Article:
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Ira Gluskin has been unhappy with Newton Glassman for some time. A few folks on Bay Street have known about it.

Mr. Gluskin is believed to have held his tongue about the matter in public settings. That changed earlier this summer, when Mr. Gluskin told an investment conference that he was “an unhappy investor who’s waiting to get my money back” from Mr. Glassman’s funds. That was one of a number of choice comments he made about the situation, bringing the dispute between the two men into the open.

Some background is in order. Mr. Gluskin is something of a Bay Street legend, the co-founder of money manager Gluskin Sheff + Associates Inc. Though he long ago retired as the firm’s chief investment officer, he retains his reputation as a man with pointed thoughts and the sharp tongue to deliver them.

Mr. Glassman is a private-equity fund manager behind Catalyst Capital Group Inc. and its majority-owned public company, Callidus Capital Corp. Like Mr. Gluskin, he is known to have a pugnacious side.

The Glassman operation has raised billions over the years from investors, but it has seen better days. Callidus, a lending company that went public in 2014 at $14 a share, has suffered a meltdown. It has posted 10 consecutive quarters of net losses, totalling $485-million. Callidus shares closed at 44 cents last week on the Toronto Stock Exchange. A number of its portfolio companies, acquired by the company after initial loans went unpaid, are struggling, Callidus said at its July 2 annual meeting.

Catalyst’s private funds are tied up with Callidus. The funds own more than 70 per cent of the equity and have lent Callidus money, too. Earlier this year, Callidus said “certain investment funds” run by Catalyst granted an extension to a US$250-million bridge loan and would advance $35-million more if Callidus continued to struggle.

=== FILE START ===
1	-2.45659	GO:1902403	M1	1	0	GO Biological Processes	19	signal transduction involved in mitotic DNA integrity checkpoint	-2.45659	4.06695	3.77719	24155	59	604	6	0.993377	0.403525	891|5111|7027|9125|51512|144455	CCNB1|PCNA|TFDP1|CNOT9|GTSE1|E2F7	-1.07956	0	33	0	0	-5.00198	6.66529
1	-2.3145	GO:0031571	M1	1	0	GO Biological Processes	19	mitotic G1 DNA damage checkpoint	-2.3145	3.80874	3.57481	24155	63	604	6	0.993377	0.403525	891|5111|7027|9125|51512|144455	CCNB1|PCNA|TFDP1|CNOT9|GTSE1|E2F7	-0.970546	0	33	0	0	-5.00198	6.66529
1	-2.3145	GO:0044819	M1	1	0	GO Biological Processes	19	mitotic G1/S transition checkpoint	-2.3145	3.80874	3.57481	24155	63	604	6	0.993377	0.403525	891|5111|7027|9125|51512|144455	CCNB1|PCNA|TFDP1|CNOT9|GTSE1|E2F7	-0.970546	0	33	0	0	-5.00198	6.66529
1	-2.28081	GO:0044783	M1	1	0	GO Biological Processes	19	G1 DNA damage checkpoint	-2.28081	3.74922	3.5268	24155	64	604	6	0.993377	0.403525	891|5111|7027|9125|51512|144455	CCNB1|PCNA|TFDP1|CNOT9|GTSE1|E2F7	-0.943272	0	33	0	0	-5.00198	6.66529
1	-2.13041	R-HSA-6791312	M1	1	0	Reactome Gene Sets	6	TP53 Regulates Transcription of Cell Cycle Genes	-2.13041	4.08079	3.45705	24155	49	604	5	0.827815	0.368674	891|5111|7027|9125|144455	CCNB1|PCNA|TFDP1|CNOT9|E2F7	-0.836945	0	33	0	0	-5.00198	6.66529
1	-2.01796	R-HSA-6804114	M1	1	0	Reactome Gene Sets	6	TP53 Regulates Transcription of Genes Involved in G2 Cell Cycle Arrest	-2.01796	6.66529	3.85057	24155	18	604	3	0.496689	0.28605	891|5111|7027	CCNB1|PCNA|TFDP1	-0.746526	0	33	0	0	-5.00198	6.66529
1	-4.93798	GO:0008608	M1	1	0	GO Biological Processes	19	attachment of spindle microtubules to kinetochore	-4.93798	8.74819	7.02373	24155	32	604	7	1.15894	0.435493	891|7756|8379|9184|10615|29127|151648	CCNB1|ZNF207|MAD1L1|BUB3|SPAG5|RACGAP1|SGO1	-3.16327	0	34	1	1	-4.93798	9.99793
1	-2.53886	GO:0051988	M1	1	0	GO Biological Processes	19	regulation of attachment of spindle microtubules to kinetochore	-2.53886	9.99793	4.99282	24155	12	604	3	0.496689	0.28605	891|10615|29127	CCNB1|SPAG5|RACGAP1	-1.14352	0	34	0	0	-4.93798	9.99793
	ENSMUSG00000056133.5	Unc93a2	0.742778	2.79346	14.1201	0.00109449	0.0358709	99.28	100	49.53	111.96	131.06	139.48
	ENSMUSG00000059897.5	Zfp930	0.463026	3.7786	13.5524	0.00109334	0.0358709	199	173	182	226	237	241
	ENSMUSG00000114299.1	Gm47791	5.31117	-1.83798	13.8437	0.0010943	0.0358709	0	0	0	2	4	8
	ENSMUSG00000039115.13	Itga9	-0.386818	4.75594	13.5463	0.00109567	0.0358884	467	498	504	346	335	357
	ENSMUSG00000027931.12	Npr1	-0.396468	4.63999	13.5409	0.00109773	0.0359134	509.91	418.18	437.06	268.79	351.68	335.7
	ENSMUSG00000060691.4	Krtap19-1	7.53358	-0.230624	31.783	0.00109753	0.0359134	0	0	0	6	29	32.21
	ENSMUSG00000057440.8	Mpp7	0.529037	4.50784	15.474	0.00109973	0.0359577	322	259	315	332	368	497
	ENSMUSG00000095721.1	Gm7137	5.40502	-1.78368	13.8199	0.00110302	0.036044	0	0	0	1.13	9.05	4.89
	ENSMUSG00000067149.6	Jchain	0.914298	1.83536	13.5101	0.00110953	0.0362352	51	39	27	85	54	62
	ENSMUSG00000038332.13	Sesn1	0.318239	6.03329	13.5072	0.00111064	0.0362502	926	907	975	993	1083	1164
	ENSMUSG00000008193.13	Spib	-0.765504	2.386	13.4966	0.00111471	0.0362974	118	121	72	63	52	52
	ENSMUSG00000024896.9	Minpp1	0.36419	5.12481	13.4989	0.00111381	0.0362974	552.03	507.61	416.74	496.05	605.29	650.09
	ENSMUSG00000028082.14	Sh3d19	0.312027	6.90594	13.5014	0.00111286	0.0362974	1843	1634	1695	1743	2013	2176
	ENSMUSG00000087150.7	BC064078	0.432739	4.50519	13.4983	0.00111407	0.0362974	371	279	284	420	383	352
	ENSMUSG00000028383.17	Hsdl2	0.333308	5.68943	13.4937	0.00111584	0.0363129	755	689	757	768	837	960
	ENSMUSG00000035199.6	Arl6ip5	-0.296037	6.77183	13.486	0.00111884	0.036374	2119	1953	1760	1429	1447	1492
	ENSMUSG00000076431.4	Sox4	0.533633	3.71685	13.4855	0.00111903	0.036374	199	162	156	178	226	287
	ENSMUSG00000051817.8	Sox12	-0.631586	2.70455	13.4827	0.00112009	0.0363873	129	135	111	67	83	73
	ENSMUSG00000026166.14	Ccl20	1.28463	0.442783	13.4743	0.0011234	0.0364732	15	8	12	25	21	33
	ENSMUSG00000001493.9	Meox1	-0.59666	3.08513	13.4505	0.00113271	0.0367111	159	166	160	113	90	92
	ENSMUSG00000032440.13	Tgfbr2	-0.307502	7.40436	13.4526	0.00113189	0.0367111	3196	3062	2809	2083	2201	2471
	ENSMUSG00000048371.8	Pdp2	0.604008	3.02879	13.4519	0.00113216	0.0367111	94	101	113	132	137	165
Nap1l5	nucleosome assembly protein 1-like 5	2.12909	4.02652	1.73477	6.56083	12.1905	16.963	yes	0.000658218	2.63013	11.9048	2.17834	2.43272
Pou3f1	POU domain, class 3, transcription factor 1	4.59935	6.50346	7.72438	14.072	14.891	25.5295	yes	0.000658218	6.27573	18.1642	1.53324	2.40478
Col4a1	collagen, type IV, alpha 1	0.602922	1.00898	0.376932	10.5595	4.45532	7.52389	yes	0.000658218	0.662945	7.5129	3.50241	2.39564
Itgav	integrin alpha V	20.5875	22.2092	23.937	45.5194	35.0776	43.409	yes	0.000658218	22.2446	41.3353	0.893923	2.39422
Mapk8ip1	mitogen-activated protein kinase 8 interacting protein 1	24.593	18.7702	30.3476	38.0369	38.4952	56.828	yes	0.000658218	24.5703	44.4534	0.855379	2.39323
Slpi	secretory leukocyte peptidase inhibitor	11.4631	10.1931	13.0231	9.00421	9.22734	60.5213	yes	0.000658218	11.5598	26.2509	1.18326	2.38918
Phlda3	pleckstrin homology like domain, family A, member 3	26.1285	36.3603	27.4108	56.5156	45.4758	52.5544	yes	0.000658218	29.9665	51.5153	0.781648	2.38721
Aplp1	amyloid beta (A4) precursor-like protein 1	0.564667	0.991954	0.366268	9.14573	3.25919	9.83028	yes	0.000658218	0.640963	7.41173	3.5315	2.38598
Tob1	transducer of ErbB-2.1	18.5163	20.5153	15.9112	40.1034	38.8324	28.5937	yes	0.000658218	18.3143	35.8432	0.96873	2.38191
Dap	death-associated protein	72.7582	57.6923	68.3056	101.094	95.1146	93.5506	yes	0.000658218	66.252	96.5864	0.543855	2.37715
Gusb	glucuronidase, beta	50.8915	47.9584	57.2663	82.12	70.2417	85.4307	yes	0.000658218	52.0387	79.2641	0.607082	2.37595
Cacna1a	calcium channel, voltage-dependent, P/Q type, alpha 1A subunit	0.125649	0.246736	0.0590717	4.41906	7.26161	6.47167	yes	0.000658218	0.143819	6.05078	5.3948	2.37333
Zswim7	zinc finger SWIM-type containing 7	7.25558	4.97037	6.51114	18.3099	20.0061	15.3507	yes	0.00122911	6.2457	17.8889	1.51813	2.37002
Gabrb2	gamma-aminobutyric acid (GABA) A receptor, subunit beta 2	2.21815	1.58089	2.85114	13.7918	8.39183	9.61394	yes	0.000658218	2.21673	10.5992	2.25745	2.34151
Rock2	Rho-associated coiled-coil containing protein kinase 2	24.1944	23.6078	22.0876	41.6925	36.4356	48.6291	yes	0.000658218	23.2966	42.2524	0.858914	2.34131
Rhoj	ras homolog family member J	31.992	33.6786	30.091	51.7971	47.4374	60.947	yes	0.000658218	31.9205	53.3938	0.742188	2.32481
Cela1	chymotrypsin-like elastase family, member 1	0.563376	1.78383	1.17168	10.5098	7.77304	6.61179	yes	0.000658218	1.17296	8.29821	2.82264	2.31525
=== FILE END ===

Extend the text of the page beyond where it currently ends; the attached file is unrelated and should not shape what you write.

Meanwhile, Catalyst and Mr. Glassman have come under scrutiny for a number of reasons beyond the performance of Callidus. One is their aggressive use of litigation. In one example, Catalyst engaged in a protracted round of lawsuits in an attempt to prove the firm was unfairly treated in the auction of Canadian wireless company Wind Mobile (which is now Freedom Mobile). The judge in the first case ruled against Catalyst, stating: “I had considerable difficulty accepting as reliable much of the evidence of Mr. Newton Glassman." The firm lost its appeal of the decision as well as a second related lawsuit, and the saga dragged on, at some cost, for years.

Another issue – one that may be more relevant to investors who have handed their money to him – is Mr. Glassman’s record of discussing future deals that have failed to come to fruition. In 2016, he publicly mooted privatizing Callidus and commissioned an investment bank to provide a valuation estimate that came in at $18 to $22 a share. But the deal never happened.

In March, 2018, Mr. Glassman wrote to assure partners in Catalyst funds that the firm was close to cashing in on multimillion-dollar initial public offerings for two of its holdings – Therapure Biopharma Inc. and Gateway Casinos & Entertainment Inc. (Catalyst went to court to try to prevent The Globe and Mail from publishing a story about the letter, but lost.) Neither IPO has happened, though Gateway did file some paperwork for going public last November. A deal to sell part of Therapure to a Chinese partnership also fell apart in 2018.

Catalyst’s investors include major institutions such as the University of Toronto, where Mr. Gluskin chaired the board of its asset-management corporation, and McGill University, where Mr. Gluskin’s former partner, Gerald Sheff, sits on the board of governors’ investment committee.